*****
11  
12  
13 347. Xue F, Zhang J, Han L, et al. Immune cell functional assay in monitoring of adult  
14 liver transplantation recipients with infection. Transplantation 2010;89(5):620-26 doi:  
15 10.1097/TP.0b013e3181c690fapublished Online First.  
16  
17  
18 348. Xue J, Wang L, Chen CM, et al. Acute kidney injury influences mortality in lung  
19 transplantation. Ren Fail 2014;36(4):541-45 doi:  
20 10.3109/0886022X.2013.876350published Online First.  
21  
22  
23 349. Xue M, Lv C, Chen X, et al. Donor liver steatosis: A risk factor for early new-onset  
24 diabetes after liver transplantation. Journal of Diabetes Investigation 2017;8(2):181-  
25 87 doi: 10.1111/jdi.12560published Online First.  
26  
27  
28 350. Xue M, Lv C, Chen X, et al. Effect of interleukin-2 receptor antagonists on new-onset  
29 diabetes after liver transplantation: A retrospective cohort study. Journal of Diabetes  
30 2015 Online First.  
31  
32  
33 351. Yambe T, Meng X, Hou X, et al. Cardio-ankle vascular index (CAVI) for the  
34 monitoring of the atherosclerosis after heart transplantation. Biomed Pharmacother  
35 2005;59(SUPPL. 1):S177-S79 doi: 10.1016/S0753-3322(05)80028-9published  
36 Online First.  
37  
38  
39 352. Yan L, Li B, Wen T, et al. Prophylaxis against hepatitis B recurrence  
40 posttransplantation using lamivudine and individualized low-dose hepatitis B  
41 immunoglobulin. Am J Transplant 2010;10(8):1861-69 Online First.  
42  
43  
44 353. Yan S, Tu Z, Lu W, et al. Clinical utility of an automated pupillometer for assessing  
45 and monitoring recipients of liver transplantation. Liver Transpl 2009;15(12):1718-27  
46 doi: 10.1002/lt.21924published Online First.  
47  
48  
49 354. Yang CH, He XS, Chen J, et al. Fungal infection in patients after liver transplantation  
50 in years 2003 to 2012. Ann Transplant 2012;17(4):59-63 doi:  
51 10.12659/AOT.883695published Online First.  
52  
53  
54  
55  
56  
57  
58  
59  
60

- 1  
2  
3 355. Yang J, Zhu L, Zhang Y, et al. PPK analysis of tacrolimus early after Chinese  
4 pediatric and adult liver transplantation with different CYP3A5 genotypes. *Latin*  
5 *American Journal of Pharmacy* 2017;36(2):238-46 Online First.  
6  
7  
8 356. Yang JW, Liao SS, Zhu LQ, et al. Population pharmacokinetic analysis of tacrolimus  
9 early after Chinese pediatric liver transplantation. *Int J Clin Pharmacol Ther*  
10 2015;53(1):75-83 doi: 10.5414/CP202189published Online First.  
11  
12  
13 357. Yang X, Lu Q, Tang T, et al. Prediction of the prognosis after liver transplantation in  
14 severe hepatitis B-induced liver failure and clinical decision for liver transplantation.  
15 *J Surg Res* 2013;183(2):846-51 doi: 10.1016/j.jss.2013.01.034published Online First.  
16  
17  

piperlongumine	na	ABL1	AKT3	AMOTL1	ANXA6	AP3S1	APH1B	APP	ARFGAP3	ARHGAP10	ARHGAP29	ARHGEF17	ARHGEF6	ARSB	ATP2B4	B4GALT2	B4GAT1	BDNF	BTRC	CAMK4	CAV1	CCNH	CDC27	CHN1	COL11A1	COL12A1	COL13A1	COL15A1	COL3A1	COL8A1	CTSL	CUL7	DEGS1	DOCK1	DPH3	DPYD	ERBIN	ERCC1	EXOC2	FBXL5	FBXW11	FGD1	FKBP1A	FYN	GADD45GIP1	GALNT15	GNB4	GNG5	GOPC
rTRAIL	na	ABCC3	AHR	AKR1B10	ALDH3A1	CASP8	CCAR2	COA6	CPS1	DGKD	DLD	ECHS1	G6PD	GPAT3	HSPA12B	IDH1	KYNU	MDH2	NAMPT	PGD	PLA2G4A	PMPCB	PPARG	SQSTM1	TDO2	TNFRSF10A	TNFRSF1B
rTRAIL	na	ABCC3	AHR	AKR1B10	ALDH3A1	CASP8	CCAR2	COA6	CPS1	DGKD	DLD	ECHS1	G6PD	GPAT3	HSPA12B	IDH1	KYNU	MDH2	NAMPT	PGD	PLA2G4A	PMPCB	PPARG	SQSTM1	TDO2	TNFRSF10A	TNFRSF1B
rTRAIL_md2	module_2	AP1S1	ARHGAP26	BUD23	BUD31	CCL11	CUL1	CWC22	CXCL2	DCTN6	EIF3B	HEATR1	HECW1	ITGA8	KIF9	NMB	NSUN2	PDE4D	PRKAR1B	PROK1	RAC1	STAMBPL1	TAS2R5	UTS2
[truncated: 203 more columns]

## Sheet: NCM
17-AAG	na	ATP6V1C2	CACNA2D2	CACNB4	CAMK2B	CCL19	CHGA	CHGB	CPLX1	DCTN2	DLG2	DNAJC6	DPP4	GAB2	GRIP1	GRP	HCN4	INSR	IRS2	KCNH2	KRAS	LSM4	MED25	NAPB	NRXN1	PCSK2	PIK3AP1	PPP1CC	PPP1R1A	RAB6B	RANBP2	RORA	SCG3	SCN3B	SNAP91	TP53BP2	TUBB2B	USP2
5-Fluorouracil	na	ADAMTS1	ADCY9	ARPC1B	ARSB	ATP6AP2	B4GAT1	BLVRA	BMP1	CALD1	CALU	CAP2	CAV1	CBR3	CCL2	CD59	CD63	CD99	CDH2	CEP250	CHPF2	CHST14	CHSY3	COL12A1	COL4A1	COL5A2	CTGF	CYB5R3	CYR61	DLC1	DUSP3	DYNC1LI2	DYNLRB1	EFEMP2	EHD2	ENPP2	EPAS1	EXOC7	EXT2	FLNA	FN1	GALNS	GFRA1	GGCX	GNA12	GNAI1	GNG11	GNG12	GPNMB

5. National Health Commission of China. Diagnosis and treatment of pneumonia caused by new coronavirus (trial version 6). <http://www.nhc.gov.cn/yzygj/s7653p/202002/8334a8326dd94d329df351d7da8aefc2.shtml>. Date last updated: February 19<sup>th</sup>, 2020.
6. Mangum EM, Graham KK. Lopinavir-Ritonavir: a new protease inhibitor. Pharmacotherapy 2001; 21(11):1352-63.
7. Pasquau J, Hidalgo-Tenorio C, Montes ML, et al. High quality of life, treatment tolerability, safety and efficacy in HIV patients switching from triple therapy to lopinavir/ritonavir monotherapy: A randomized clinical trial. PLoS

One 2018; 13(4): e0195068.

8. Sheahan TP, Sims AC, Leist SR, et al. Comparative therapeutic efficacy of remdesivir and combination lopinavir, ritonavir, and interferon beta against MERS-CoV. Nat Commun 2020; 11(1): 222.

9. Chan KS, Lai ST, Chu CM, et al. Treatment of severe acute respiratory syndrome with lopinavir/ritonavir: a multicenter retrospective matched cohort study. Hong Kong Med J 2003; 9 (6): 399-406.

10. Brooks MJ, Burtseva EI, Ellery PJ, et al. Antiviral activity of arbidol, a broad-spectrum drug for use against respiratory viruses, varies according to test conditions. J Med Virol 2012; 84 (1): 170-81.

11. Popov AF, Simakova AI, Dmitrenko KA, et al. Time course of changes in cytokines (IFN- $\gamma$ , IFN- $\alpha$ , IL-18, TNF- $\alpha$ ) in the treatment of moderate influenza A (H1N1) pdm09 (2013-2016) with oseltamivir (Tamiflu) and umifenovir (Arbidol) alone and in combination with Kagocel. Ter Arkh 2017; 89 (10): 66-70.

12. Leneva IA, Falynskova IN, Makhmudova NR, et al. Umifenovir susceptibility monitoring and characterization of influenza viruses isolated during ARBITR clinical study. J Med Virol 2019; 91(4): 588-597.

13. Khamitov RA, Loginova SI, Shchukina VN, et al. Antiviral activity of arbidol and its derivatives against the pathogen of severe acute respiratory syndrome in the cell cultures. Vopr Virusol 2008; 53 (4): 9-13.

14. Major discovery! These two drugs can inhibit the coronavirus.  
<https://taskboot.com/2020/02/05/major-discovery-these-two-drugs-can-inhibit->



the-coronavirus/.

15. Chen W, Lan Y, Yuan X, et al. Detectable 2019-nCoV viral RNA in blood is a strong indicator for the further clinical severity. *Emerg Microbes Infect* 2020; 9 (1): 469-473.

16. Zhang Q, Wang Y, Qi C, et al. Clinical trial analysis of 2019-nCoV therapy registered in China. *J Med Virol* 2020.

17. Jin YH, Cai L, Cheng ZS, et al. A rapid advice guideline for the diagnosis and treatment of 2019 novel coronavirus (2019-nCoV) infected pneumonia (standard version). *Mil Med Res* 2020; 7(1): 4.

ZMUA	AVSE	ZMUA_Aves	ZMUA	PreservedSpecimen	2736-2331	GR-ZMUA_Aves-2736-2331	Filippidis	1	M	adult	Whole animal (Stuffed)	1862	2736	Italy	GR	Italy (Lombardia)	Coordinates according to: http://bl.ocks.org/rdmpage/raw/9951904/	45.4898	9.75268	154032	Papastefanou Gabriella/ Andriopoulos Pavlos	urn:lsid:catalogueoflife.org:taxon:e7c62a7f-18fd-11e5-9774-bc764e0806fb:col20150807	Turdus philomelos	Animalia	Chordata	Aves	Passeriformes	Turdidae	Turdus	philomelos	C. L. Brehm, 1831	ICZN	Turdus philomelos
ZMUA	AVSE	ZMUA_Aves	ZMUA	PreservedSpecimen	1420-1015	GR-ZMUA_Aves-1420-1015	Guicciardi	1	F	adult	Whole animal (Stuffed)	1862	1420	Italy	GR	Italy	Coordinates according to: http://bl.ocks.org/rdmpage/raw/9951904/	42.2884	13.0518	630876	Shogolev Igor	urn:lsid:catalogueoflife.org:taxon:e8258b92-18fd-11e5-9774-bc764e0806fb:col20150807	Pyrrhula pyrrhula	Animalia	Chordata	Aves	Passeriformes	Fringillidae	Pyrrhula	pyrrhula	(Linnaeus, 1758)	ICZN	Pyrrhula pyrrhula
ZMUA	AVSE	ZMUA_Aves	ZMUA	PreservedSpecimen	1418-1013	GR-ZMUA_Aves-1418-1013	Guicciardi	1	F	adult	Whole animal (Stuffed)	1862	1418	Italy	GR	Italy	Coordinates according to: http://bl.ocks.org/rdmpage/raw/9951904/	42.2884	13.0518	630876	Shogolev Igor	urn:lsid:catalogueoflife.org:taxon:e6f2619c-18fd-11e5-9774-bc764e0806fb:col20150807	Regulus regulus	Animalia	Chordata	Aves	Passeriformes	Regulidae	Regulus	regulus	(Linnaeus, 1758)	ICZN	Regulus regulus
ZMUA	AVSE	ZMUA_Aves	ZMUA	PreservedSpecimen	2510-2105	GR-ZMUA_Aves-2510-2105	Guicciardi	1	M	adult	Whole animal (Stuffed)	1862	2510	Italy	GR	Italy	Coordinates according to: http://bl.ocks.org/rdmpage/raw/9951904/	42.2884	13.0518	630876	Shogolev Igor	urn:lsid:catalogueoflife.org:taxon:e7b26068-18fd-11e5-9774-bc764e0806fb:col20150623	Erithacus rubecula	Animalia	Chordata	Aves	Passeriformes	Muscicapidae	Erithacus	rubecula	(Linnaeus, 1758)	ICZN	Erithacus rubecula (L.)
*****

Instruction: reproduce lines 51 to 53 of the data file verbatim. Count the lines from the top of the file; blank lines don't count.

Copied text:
- 1  
2  
3 355. Yang J, Zhu L, Zhang Y, et al. PPK analysis of tacrolimus early after Chinese  